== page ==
The words ‘Blue’ and ‘breeze’, a long exhalation, a mood instantly captured, the bluesy moan of voice and hum of guitar.

Out of the Sky is an album of nine tracks that frames stark themes, originals and arranged treatments of traditional African music and jazz standards as a unity. A cinematic version of an Aramaic prayer draws together the ancient culture and modern sufferings of Syria and a harrowing version of Ellington’s ‘Solitude’ are tracks for replaying most.

Largely duets (the double bass of Dudley Phillips pops up on two tracks) the wiry sometimes desert-distant Ry Cooder-like earthy quality of the veteran Soft Machine guitarist is a calm held in reserve, a landmark sound that the heart-on-sleeve carefully calibrated passion of Rowe leans in to.

The singer, who can swoop to gather up meaningful undertones, manipulating the silences, or reach high to scrape off glassy accented shards raw with expressive powerful resource, and Etheridge from their first meeting walking on Hampstead Heath have clearly bonded on this persuasive studio album recorded last summer, the majestic stillness the pair create on a moving appropriately angelic version of Kenyan singer Fadhili William’s ‘Malaika’ famously covered by Miriam Makeba where Rowe inescapably and elsewhere on the album is reminiscent of Sibongile Khumalo and she stands comparison with the best role models, remarkably complete for such a relative newcomer. Jazz singer discovery of 2016 so far? You bet.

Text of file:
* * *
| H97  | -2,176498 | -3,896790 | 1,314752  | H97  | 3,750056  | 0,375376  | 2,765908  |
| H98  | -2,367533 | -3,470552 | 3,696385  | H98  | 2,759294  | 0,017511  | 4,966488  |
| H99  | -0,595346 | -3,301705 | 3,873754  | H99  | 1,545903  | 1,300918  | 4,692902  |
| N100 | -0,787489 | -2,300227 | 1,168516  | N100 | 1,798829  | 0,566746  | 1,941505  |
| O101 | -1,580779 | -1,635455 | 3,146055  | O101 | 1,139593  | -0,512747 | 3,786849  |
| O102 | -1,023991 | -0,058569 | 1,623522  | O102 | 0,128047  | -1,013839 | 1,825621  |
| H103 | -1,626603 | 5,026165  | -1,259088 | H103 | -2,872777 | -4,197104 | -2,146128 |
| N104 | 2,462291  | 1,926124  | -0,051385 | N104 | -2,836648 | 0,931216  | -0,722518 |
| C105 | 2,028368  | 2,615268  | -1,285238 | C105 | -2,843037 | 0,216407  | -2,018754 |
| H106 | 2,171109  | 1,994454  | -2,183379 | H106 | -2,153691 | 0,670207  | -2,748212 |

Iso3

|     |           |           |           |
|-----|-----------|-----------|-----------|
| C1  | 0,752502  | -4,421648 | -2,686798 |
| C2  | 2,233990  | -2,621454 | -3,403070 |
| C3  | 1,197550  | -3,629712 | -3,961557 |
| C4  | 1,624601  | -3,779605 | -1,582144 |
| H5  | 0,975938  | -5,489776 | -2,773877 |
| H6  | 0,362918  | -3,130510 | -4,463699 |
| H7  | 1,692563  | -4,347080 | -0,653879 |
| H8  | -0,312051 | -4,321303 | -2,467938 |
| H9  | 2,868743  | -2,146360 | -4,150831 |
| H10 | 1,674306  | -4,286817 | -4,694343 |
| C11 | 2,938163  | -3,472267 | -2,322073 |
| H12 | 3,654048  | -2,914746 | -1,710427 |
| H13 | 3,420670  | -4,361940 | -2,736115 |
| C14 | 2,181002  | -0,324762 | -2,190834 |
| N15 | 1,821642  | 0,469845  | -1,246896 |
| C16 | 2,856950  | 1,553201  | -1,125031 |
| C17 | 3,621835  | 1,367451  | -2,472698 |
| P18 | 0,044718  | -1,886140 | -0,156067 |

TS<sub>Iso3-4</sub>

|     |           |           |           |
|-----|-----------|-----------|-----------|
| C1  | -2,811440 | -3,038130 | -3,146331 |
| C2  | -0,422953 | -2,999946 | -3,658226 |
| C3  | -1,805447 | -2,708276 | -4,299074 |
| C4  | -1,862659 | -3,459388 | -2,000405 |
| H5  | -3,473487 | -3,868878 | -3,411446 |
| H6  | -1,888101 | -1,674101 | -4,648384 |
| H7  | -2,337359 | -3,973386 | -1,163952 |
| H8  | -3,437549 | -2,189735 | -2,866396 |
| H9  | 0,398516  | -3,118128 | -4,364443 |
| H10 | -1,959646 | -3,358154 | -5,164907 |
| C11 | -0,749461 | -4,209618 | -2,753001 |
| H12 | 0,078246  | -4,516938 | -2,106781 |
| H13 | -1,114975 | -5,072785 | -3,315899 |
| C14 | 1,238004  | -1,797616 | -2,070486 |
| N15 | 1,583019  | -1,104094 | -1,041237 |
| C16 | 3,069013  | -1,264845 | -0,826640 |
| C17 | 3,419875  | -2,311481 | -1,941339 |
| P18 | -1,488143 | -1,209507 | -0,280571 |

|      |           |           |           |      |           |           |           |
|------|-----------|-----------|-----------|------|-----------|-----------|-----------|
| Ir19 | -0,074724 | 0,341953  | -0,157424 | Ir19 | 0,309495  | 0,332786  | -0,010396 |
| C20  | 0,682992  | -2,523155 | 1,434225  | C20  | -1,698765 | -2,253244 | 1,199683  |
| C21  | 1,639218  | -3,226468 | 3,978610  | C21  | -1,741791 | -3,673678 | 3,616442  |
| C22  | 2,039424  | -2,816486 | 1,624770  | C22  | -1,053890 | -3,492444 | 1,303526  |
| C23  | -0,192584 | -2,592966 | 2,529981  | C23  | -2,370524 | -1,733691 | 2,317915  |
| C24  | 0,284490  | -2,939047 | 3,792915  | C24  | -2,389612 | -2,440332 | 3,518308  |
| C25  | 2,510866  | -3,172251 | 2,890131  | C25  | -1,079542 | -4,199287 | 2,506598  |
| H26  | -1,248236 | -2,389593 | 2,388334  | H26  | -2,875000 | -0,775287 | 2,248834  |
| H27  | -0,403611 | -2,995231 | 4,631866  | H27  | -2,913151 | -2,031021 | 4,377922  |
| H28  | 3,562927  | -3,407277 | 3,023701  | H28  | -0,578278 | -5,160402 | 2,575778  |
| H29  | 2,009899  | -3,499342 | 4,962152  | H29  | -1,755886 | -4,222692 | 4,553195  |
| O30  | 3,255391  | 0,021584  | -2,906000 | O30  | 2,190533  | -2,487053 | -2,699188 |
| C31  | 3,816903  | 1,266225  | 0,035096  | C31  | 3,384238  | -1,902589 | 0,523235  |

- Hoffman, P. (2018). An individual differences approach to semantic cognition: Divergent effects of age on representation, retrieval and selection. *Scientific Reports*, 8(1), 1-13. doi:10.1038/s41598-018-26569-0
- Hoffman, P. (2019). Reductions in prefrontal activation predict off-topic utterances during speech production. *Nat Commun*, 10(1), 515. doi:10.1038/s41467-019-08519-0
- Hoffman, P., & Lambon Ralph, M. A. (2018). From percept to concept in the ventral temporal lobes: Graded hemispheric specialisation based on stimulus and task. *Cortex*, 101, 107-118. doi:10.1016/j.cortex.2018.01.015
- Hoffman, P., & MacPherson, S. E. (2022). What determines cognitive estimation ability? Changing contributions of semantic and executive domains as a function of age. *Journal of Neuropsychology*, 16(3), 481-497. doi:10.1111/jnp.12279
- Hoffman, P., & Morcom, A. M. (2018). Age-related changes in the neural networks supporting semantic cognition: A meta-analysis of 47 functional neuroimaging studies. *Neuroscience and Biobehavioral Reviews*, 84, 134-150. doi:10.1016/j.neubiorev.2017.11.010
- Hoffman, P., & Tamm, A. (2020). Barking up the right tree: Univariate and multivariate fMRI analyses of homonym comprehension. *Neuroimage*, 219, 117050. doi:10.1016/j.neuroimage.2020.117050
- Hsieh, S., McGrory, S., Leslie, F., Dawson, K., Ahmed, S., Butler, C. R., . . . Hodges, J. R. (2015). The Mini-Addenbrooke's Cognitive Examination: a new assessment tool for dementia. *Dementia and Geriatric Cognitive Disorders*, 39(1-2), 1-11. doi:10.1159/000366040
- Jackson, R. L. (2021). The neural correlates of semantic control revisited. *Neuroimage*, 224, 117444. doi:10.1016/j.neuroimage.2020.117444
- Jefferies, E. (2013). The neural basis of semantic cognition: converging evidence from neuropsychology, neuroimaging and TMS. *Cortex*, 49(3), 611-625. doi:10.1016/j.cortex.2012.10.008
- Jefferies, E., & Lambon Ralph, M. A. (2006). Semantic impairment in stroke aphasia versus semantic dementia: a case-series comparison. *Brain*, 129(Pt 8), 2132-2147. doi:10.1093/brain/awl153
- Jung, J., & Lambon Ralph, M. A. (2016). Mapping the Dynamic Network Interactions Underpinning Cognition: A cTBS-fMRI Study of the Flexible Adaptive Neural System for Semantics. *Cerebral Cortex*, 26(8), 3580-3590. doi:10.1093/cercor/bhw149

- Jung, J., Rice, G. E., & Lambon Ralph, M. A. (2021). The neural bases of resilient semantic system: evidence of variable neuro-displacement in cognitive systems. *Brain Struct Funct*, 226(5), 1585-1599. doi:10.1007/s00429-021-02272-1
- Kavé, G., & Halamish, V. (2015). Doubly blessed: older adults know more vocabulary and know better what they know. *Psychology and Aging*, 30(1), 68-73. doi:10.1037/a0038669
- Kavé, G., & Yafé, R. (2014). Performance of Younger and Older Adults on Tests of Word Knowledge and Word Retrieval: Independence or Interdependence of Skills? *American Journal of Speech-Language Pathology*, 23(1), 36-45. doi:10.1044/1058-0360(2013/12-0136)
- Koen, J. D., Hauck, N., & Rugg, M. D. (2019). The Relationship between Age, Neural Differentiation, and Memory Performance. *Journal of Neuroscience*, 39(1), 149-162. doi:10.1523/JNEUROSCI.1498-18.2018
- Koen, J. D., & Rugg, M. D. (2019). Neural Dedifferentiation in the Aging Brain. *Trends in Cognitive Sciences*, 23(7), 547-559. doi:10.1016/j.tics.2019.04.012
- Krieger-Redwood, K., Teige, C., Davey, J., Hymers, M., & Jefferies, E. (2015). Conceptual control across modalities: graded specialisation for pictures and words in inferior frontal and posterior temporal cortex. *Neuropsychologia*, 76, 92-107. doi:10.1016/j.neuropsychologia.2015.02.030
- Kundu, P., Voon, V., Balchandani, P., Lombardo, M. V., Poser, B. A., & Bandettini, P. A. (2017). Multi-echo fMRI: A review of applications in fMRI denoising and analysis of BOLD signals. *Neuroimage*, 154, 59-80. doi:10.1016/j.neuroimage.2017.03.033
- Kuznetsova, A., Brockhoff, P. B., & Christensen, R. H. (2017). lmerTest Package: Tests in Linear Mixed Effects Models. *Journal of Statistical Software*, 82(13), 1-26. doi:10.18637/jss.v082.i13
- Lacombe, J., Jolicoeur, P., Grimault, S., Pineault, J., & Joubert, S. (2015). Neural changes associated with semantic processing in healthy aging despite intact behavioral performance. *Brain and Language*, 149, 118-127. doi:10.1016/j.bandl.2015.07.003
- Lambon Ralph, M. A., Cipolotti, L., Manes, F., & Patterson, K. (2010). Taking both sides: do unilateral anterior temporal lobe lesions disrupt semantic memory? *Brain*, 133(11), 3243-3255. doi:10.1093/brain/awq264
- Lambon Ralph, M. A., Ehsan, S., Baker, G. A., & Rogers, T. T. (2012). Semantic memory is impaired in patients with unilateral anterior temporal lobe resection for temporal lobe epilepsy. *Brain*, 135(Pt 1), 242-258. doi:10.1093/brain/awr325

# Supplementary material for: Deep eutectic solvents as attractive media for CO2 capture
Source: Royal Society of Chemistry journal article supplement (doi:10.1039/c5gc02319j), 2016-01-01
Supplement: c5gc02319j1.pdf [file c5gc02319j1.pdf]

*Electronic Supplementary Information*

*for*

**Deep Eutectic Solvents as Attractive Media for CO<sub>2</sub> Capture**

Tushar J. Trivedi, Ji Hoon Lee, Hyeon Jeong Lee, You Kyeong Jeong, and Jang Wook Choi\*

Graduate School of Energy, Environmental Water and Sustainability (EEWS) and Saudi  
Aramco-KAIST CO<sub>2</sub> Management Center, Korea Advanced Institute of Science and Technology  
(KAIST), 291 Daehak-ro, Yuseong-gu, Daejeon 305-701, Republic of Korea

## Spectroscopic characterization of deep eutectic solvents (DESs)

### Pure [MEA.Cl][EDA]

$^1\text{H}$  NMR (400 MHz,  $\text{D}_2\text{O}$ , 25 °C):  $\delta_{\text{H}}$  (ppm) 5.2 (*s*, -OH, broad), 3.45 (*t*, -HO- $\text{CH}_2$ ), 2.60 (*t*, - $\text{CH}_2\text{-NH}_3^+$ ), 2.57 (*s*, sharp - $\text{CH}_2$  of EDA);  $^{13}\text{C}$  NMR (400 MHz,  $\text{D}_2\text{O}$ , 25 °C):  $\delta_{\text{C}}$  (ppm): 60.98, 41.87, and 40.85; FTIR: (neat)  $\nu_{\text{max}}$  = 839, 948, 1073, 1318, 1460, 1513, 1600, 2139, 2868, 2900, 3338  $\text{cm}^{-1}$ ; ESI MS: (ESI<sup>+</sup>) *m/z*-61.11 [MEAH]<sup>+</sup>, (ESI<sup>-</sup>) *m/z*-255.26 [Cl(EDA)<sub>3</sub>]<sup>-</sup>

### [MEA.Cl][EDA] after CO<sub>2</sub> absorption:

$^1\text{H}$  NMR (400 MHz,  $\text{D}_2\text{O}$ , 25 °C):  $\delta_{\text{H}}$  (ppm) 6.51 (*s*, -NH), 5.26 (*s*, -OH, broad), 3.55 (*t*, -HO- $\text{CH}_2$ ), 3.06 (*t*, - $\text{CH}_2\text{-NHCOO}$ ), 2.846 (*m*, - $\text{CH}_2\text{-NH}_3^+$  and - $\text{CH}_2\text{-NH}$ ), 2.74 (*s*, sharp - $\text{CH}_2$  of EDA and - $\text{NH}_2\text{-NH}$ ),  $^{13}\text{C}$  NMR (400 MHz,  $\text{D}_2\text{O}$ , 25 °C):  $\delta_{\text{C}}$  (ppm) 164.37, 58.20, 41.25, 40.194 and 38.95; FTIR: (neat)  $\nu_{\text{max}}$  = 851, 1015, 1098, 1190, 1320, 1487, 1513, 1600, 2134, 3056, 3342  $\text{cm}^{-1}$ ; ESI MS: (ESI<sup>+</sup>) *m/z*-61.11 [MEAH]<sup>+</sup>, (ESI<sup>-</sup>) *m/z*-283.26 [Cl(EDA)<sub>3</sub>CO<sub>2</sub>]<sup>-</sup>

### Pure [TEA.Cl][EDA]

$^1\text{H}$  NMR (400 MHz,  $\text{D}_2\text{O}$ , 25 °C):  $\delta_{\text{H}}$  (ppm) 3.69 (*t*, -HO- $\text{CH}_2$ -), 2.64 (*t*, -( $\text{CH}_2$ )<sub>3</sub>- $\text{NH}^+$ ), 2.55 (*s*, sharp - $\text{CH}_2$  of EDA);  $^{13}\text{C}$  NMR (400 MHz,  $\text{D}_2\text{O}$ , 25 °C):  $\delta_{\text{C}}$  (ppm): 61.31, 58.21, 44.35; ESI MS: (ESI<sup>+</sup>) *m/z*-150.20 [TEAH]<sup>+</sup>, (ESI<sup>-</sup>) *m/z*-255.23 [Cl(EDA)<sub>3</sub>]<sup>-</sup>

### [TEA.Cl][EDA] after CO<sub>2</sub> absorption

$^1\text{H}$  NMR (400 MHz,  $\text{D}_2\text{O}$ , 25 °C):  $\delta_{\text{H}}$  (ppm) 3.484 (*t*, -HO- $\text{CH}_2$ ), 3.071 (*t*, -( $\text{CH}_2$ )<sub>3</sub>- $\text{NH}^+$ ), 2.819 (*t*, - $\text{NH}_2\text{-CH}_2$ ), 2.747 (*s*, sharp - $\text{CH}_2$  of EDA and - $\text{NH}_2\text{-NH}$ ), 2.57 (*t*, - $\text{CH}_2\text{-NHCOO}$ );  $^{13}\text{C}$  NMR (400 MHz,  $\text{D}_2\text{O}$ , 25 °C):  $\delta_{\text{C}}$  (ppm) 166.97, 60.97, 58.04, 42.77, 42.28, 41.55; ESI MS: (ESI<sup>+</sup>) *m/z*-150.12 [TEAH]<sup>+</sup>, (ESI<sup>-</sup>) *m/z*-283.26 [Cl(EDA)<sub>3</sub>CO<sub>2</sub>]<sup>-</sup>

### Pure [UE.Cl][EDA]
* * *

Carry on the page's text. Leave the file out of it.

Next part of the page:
Earl Coleman on vocals with Charlie Parker, 1947

The album moves to a vintage climax with the more familiar Bird belovèd ‘Dark Shadows’, and a version of ‘Detour Ahead’ a song that goes back to Woody Herman days (there is also a fine early version of the song by cult favourite Jackie Paris on YouTube), the only new coordinates required simply ones that involve a journey of the imagination.

Stephen Graham

Out on 28 May

Vimala Rowe and John Etheridge, above. Click for snippets from the album